Now you could argue they should have had bigger issues, and that might be a perfectly valid argument, but my youthful zeal didn’t even get there – it didn’t interest me and that was that.

I happen to think that my empathy skills are fairly good, and that I just wasn’t employing them. You would certainly think that being older and wiser I’d be much more attuned to them. But my stint of being a new man has made me realise I’m not.

For a start I’ve realised that life as a responsible parent is much much harder and more tiring than I ever expected. Having to give all your attention to a little one who isn’t quite as keen as you are on not making a mess and staying out of danger is, frankly, draining – especially as there is no break. No chat at the water cooler or 10 minutes outside for a cigarette.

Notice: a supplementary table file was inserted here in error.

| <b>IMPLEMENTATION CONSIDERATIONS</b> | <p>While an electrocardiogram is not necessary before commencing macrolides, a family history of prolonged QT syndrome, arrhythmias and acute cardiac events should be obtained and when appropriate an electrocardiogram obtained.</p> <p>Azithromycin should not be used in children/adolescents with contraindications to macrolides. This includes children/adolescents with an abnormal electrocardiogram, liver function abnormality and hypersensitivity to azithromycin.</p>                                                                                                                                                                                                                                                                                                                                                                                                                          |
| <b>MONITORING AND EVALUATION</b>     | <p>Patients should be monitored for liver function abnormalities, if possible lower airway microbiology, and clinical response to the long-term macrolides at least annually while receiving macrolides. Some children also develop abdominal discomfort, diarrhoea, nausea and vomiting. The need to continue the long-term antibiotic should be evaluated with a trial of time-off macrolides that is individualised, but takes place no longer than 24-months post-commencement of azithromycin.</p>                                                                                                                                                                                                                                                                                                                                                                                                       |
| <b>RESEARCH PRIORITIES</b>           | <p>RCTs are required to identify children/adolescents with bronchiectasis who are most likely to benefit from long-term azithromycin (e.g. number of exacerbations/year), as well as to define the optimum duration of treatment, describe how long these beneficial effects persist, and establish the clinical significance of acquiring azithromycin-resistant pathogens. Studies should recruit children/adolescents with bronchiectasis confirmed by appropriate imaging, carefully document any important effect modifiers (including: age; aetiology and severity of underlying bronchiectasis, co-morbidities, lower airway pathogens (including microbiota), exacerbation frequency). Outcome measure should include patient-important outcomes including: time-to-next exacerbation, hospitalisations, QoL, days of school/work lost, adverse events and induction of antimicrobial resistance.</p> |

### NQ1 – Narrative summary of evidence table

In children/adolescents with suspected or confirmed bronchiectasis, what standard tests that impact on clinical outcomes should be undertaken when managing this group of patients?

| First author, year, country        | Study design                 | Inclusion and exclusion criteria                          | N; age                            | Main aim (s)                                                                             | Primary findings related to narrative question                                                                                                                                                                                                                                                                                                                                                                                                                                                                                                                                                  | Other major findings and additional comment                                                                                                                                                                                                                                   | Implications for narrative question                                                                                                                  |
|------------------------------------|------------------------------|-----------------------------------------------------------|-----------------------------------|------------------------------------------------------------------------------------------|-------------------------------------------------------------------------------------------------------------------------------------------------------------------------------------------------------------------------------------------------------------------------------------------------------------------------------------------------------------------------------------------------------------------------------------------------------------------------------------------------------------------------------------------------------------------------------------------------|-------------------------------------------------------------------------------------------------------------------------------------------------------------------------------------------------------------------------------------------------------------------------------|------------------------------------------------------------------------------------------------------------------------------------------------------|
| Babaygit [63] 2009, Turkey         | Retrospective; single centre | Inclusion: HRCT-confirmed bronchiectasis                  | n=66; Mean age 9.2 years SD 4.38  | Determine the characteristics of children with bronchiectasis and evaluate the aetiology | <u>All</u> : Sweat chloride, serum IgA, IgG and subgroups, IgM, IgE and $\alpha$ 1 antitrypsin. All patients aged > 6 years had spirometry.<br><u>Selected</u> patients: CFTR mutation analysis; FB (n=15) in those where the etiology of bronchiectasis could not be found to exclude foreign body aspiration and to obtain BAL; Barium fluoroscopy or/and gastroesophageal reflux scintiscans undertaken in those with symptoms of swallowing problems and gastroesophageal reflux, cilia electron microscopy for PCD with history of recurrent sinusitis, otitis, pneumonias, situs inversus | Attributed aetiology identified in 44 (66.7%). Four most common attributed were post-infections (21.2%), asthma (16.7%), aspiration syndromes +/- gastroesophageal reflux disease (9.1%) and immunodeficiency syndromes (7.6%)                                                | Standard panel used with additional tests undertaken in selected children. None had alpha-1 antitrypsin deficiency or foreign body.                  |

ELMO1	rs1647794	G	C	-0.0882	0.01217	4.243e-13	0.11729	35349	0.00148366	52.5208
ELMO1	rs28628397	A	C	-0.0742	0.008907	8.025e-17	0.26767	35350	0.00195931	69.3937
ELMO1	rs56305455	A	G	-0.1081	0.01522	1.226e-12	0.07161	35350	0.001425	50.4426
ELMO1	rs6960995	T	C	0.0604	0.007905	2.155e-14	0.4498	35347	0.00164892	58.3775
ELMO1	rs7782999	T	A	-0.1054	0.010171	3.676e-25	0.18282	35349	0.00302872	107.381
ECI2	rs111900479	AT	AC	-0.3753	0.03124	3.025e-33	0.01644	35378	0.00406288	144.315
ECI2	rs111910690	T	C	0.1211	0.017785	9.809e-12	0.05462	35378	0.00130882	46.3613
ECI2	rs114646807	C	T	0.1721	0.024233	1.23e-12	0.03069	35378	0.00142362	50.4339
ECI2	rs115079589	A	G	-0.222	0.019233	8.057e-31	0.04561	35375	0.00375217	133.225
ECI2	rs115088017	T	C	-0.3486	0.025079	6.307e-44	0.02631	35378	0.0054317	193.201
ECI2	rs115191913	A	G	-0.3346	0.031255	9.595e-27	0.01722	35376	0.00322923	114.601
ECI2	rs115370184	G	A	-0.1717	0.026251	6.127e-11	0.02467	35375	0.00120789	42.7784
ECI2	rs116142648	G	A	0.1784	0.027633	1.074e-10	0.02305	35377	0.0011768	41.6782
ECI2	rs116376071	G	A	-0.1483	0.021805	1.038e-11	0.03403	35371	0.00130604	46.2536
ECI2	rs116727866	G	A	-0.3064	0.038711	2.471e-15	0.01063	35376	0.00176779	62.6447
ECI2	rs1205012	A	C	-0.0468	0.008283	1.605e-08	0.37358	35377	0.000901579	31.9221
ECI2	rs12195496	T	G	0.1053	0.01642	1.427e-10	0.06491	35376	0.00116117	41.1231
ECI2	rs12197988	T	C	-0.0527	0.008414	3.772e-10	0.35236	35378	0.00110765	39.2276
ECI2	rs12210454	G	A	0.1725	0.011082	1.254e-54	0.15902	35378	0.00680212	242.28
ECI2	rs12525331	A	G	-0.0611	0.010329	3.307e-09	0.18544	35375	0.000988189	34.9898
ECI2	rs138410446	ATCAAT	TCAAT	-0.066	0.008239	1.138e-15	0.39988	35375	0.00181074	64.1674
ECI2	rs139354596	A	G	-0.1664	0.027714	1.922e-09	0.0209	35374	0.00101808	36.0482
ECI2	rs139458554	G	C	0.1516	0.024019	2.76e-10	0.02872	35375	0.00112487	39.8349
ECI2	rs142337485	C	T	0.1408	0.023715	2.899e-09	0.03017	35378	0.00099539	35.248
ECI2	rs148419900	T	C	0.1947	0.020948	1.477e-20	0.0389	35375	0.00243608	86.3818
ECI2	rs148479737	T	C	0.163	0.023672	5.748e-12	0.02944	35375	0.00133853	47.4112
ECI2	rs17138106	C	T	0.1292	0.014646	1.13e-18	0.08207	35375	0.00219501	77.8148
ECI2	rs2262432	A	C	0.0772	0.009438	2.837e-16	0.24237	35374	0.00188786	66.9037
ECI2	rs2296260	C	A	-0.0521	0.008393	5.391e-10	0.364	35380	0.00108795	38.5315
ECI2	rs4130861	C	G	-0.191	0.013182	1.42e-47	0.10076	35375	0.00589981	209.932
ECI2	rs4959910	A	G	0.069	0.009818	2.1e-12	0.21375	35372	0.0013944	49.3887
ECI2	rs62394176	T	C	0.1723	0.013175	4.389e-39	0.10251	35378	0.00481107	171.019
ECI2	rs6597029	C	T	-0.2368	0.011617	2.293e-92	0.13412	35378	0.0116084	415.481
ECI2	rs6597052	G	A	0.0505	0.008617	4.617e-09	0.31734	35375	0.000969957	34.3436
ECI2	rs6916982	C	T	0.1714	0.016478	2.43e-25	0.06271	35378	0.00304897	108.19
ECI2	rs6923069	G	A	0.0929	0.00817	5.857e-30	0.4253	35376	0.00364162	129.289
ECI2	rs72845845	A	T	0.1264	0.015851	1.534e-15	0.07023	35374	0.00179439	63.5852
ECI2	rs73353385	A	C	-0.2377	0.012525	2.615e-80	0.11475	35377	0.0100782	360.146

And you see the world outside in a totally different light. Crossing a heavily parked street becomes a challenge as you have to navigate not only yourself but a pram safely not only across the road, but between narrow gaps between cars. Even the pavement becomes a potential mine-field when you spot dog-fouling ahead. Any trip must be planned meticulously and contingencies prepared.

And even where buildings are suitable they aren’t necessarily thought through; yesterday I realised it was going to be much easier to drag a pram down the steps of the Post Office than fight my way through the huge queue to get to the step-free exit. Given that there is always a huge queue there I suspect this is a decision that has to be taken regularly.